Urging our nation's leaders to end hunger
 

The Crisis Continues for More Than 3 Million Long-Term Unemployed

Screen Shot 2014-07-17 at 5.39.48 PM
David Beckmann reads Pamela's story on June 16, 2013 in Washington, D.C. (Screenshot from event video).

By Robin Stephenson

The unemployment crisis is not over – especially if you are one of the long-term unemployed. For Pamela the crisis is never-ending. The 61-year-old from Glenn Springs, S.C., lost her job in December of last year. She says the only silver lining is that her adult children, who live far away, are not there to witness to her downfall.

Rev. David Beckmann read Pamela’s story on Capitol Hill in Washington, D.C., as part of the fifth Witness Wednesday this week. The events, scheduled throughout June and July, are an effort to keep a spotlight on long-term unemployed people by telling their stories. “I feel defeated,” says Beckmann, reading Pamela’s words. She has received no job offers or offers of help from Congress since she lost her job.

Congress failed to extend emergency unemployment compensation (EUC) in December, cutting off critical assistance to over a million job seekers out of work for more than 27 weeks. When unemployment rates are high, lawmakers have always made provisions to help Americans until the economy returns to full employment — namely, by passing EUC. Today, the number of long-term unemployed has ballooned to record levels of more than 3.3 million job seekers.

Job loss turns into a surprising reversal of fortune for many as they watch savings and homes disappear. Some are facing hunger for the first time in their lives and seek help from food banks and local charities. Many, like Pamela, are grateful for programs like SNAP (formerly food stamps) that provide access to food that once was easily purchased with a reliable income.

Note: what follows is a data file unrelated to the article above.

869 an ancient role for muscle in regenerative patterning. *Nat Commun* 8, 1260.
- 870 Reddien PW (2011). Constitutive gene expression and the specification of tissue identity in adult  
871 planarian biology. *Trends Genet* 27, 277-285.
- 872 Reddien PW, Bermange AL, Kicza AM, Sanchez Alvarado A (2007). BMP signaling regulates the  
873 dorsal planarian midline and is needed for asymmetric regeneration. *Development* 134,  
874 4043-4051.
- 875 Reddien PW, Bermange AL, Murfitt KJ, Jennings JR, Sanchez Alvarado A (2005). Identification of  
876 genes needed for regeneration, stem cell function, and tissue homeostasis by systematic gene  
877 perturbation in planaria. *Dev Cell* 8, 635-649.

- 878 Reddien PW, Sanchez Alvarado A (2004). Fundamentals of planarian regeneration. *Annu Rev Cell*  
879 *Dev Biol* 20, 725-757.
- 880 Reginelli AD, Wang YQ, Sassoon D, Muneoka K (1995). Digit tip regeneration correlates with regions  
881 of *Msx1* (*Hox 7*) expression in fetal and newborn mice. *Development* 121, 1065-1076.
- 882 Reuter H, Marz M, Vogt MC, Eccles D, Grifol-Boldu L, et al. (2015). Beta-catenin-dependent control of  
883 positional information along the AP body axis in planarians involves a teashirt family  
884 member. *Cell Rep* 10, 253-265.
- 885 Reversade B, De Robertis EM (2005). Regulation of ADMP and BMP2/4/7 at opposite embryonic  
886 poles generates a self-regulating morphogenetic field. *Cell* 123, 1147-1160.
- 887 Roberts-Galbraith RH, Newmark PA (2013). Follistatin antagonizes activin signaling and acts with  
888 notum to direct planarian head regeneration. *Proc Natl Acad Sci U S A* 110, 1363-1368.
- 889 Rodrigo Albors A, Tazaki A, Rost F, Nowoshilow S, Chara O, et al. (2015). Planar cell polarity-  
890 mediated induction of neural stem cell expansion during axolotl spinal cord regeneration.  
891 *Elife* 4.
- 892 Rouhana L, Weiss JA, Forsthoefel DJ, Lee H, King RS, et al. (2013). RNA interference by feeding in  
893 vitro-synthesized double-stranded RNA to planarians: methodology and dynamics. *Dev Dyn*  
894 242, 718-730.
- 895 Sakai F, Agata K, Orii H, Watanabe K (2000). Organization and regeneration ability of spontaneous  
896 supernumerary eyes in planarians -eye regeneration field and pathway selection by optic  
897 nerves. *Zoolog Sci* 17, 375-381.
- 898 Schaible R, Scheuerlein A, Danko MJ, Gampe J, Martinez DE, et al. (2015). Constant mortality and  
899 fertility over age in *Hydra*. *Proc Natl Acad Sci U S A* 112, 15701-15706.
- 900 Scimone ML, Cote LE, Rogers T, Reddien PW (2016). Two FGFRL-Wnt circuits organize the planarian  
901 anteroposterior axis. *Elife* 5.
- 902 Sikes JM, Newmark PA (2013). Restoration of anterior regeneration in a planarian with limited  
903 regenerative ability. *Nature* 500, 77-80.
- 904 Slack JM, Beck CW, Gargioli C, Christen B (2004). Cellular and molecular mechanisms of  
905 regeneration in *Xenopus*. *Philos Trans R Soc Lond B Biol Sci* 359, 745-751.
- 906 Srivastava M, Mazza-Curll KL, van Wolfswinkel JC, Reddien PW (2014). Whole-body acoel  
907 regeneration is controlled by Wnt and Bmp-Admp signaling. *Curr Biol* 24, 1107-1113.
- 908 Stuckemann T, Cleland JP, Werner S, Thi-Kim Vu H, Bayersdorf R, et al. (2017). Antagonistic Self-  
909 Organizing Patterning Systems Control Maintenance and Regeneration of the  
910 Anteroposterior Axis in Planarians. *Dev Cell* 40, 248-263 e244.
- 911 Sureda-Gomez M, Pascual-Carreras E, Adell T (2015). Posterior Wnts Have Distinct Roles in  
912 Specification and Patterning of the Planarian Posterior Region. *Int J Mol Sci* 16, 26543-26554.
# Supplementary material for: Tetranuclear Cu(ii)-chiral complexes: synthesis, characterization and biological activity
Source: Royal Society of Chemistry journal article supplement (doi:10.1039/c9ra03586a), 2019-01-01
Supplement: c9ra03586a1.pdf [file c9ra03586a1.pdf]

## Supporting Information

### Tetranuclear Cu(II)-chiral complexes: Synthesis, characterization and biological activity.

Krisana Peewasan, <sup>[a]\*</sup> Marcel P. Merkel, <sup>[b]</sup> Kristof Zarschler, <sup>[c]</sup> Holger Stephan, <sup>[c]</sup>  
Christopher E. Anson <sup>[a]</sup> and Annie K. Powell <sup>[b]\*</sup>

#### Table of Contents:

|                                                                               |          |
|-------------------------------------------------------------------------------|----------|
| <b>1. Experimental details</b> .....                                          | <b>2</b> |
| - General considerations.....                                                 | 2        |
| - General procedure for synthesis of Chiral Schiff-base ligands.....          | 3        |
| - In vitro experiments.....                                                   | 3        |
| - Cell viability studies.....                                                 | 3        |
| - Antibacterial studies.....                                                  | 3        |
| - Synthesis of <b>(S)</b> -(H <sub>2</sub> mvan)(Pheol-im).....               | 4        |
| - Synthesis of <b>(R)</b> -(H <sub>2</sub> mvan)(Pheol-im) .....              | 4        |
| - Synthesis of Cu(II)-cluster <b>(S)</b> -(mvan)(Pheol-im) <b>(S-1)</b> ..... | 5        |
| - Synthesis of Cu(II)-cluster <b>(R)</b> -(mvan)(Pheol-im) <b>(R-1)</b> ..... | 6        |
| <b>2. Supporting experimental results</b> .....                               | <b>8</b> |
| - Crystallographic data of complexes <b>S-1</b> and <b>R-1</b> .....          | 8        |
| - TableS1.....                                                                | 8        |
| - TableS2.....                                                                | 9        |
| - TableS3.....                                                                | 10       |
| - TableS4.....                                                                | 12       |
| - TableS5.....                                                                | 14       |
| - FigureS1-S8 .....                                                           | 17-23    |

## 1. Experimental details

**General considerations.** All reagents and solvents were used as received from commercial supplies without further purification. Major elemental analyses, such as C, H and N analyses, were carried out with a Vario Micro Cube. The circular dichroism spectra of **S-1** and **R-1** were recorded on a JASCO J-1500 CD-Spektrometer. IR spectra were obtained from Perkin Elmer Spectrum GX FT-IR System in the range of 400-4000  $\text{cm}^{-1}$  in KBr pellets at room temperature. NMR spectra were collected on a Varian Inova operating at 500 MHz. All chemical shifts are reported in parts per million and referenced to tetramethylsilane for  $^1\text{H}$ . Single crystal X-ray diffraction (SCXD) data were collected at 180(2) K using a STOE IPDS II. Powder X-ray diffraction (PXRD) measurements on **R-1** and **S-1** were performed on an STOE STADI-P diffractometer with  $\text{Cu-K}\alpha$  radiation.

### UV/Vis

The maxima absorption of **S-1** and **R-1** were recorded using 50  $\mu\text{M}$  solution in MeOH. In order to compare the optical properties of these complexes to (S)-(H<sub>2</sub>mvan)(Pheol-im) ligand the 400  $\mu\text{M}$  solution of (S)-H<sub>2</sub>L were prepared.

“The fastest way to reduce hunger in America is to reduce the unemployment rate,” said Beckmann. Investing in jobs and people are strategies outlined in Ending Hunger in America, the 2014 Hunger Report. Investing in a strong safety net is also necessary to chart a path out of hunger by 2030. When hardship does hit, the climb back to security is faster when we activate programs like EUC, which afford job seekers resources so they can concentrate on finding work.

Buoyed by a national trend of improving unemployment rates, some members of Congress feel no pressure to act. The Senate passed a short-term extension in April, which has expired due to an absence of corresponding action in the House. In her July 15 report to the Senate Banking Committee on monetary policy, Janet Yellen, chair of the Federal Reserve, recommends a cautioned approach when looking at unemployment data. Calling the recovery incomplete, she says, “Labor force participation appears weaker than one would expect based on the aging of the population and the level of unemployment.”

There are still two job seekers for every job opening. Never before in the history of EUC has a Congress failed to extend the emergency aid when unemployment is so high. Additionally, a slack job market hurts wage growth.

Ignoring the crisis of long-term unemployment won’t make it go away. As long as our government fails to act, persistent hunger will plague too many of our citizens and puts a drain on our economy. As long as advocates fail to force action, we must all share Pamela’s sense of defeat.

 

« World Prayers for July 20-26: Belize, Guatemala, Honduras, and Mexico Hunger in the News: Hunger in America, Child Migration, Food Aid, and Youth Unemployment »

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